It was all part of Folbre’s second lecture this week in the Patten Foundation’s 2015-16 Patten Lecture Series.
Folbre, a professor emerita of economics and director of the Political Economy Research Institute’s Program on Gender and Care Work at the University of Massachusetts Amherst, also lectured Tuesday evening.
She met throughout the last two days with honors and gender studies students as part of the Patten Foundation’s programming.
The foundation seeks to connect distinguished lecturers with the IU community for a number of days rather than just speaking at one lecture.
Folbre said her meetings with IU students, faculty and staff brought “terrific intellectual engagement.”
In her talk, “The Political Economy of Patriarchal Systems,” in President’s Hall on Thursday evening, Folbre emphasized the economic intersection in gender structures in modern society.
“Feminist theory has gone through a serious phase of self-interrogation and intellectual searching about the importance of the importance of this inconsistency,” Folbre said, referencing basic models’ accounting for only one personal identity.
Senior Sarah Clark, who attended the talk after hearing about it in her gender studies class, said Folbre’s model was aone she had never seen in her classes.
“In class we always talk about intersectionality,” Clark said. “Her representation of intersectionality is very different than what I’ve seen before. You always see the bubble charts that are overlapping, but you never see the dynamics of it and how there’s social hierarchies in between social groups themselves.”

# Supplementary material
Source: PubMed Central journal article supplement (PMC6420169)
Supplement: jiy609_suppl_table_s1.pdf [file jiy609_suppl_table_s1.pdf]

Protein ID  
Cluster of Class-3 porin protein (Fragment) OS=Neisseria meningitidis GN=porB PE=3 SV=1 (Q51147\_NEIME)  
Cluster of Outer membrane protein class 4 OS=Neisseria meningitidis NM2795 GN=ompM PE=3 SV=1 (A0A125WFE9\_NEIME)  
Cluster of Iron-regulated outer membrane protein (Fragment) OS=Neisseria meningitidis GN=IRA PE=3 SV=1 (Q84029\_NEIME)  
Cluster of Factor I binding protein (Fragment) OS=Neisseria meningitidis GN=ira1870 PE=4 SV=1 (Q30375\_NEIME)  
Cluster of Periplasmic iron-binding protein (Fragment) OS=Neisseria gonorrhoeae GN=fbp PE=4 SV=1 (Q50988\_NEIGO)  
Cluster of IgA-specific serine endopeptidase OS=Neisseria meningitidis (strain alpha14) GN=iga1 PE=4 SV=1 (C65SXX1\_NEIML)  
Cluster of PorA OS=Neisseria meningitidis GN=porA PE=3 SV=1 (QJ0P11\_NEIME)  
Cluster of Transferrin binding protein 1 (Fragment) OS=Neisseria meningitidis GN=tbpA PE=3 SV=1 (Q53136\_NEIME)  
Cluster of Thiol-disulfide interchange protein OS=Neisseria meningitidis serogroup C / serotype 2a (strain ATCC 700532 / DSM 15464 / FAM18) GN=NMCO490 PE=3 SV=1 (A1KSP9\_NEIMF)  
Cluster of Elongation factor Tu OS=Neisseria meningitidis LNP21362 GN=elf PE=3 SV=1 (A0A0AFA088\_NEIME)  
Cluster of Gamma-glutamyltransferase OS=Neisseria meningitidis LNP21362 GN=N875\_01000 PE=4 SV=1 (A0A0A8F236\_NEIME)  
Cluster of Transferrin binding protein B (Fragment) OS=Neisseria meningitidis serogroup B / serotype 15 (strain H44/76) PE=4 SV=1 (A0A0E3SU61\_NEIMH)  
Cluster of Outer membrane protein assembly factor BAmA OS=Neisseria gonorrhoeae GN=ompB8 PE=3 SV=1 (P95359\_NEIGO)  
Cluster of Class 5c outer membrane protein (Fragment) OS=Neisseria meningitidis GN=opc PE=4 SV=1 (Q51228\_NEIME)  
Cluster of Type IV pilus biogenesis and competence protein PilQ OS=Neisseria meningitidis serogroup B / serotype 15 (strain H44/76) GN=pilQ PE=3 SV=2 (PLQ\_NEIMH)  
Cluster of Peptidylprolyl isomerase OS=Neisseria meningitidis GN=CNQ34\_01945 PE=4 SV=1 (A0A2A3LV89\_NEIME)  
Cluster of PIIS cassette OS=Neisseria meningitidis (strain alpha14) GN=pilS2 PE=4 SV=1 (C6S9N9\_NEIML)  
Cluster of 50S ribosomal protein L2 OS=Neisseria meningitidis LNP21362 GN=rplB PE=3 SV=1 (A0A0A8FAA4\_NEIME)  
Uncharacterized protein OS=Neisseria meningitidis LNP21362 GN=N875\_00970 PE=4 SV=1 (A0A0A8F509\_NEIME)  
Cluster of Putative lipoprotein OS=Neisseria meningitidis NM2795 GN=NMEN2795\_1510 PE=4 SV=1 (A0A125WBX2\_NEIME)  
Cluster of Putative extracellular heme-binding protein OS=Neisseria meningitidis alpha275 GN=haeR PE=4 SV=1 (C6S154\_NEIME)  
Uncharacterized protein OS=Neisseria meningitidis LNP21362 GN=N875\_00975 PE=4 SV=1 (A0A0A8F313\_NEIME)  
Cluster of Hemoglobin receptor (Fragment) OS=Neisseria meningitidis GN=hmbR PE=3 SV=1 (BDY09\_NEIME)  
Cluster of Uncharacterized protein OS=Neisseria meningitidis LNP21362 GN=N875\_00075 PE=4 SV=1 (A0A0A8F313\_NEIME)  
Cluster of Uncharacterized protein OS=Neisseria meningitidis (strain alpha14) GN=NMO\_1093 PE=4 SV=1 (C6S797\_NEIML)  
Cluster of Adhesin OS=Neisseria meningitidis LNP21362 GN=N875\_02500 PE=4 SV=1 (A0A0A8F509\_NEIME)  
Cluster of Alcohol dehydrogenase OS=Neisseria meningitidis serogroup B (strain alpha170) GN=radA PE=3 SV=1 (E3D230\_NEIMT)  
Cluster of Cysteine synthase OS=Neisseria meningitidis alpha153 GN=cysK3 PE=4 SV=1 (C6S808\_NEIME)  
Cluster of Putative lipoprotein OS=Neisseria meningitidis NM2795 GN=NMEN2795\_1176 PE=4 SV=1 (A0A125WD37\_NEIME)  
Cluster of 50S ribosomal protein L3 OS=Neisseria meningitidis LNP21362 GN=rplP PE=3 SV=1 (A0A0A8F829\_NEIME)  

In her talk, Folbre analyzed how multiple identity factors contribute to social inequality and social groupings.
She provided an overview of systemic political economies, discussed constraints of societal agencies and dissected the role of reproduction in a feminist theory, all via her own distinct approach to explaining how varying factors influence different power structures.
Believing basic tri-structured models, like bubble charts, do not go far enough to explain the complexity of racial, gender and economic influences on an average person’s struggle for power, Folbre presented her own model in response to the traditional academic models being studied.
Drawing influence from electronic circuit boards, Folbre’s model showed connected pathways representing the reliance of other people on groups formed by societal classes to achieve greater representation in society.
Folbre said in order to address such complex issues of inequality as represented in her model, scholars must look to where societal identities are first formed, reproduction.
She said people are born into some specific identities such as races and gender without having a choice, which leads to inherent advantages and disadvantages throughout life.
Folbre’s talk culminated in a relation of societal roles, gender specifically, to economic structures, drawing examples from female presidential candidates Hillary Clinton and Carly Fiorina. She said she believed class and gender differences in such cases can be viewed in a very non-dimensional way.
“That’s exactly what I’m trying to challenge with this theoretical framework,” Folbre said. “This discussion is to offer a way of developing the economic dimensions of intersectionality in a more assertive way.”